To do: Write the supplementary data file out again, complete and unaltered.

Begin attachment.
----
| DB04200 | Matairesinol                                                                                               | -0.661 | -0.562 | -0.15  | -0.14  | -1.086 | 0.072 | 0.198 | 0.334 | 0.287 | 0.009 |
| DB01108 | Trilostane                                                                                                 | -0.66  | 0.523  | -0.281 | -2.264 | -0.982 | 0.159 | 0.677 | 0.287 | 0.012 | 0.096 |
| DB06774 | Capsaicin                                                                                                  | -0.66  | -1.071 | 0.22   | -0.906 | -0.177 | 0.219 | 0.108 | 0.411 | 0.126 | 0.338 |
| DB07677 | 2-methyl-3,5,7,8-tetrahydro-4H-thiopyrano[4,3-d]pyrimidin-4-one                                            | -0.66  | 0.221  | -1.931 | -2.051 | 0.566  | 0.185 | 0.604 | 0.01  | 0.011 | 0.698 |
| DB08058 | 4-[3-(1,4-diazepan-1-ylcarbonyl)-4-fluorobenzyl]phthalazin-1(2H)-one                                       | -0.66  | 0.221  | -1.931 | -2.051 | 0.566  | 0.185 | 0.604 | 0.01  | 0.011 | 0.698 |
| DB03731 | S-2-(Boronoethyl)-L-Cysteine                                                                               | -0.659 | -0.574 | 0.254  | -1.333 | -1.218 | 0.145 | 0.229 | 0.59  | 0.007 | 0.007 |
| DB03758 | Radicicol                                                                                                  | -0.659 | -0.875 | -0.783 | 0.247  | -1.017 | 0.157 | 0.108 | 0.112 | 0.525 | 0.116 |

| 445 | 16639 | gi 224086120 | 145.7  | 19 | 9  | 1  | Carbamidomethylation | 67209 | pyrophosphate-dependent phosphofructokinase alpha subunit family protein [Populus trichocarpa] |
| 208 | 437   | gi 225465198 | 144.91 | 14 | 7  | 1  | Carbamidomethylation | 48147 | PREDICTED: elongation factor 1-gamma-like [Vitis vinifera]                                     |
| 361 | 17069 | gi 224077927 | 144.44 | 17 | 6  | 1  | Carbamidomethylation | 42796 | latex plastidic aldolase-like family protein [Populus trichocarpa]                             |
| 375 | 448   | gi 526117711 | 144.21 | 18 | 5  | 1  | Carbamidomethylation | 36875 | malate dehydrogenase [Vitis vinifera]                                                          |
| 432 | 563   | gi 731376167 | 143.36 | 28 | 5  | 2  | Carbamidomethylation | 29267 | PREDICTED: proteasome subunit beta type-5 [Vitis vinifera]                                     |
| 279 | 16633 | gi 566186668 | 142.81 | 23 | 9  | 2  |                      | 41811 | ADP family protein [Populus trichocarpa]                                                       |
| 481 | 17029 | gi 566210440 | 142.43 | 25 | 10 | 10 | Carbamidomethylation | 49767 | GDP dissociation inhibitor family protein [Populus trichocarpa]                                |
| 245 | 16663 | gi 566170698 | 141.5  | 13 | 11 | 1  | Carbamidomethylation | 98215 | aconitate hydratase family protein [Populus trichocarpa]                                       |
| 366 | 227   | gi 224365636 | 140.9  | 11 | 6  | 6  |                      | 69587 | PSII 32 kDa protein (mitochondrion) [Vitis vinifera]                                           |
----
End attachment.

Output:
| DB04200 | Matairesinol                                                                                               | -0.661 | -0.562 | -0.15  | -0.14  | -1.086 | 0.072 | 0.198 | 0.334 | 0.287 | 0.009 |
| DB01108 | Trilostane                                                                                                 | -0.66  | 0.523  | -0.281 | -2.264 | -0.982 | 0.159 | 0.677 | 0.287 | 0.012 | 0.096 |
| DB06774 | Capsaicin                                                                                                  | -0.66  | -1.071 | 0.22   | -0.906 | -0.177 | 0.219 | 0.108 | 0.411 | 0.126 | 0.338 |
| DB07677 | 2-methyl-3,5,7,8-tetrahydro-4H-thiopyrano[4,3-d]pyrimidin-4-one                                            | -0.66  | 0.221  | -1.931 | -2.051 | 0.566  | 0.185 | 0.604 | 0.01  | 0.011 | 0.698 |
| DB08058 | 4-[3-(1,4-diazepan-1-ylcarbonyl)-4-fluorobenzyl]phthalazin-1(2H)-one                                       | -0.66  | 0.221  | -1.931 | -2.051 | 0.566  | 0.185 | 0.604 | 0.01  | 0.011 | 0.698 |
| DB03731 | S-2-(Boronoethyl)-L-Cysteine                                                                               | -0.659 | -0.574 | 0.254  | -1.333 | -1.218 | 0.145 | 0.229 | 0.59  | 0.007 | 0.007 |
| DB03758 | Radicicol                                                                                                  | -0.659 | -0.875 | -0.783 | 0.247  | -1.017 | 0.157 | 0.108 | 0.112 | 0.525 | 0.116 |

| 445 | 16639 | gi 224086120 | 145.7  | 19 | 9  | 1  | Carbamidomethylation | 67209 | pyrophosphate-dependent phosphofructokinase alpha subunit family protein [Populus trichocarpa] |
| 208 | 437   | gi 225465198 | 144.91 | 14 | 7  | 1  | Carbamidomethylation | 48147 | PREDICTED: elongation factor 1-gamma-like [Vitis vinifera]                                     |
| 361 | 17069 | gi 224077927 | 144.44 | 17 | 6  | 1  | Carbamidomethylation | 42796 | latex plastidic aldolase-like family protein [Populus trichocarpa]                             |
| 375 | 448   | gi 526117711 | 144.21 | 18 | 5  | 1  | Carbamidomethylation | 36875 | malate dehydrogenase [Vitis vinifera]                                                          |
| 432 | 563   | gi 731376167 | 143.36 | 28 | 5  | 2  | Carbamidomethylation | 29267 | PREDICTED: proteasome subunit beta type-5 [Vitis vinifera]                                     |
| 279 | 16633 | gi 566186668 | 142.81 | 23 | 9  | 2  |                      | 41811 | ADP family protein [Populus trichocarpa]                                                       |
| 481 | 17029 | gi 566210440 | 142.43 | 25 | 10 | 10 | Carbamidomethylation | 49767 | GDP dissociation inhibitor family protein [Populus trichocarpa]                                |
| 245 | 16663 | gi 566170698 | 141.5  | 13 | 11 | 1  | Carbamidomethylation | 98215 | aconitate hydratase family protein [Populus trichocarpa]                                       |
| 366 | 227   | gi 224365636 | 140.9  | 11 | 6  | 6  |                      | 69587 | PSII 32 kDa protein (mitochondrion) [Vitis vinifera]                                           |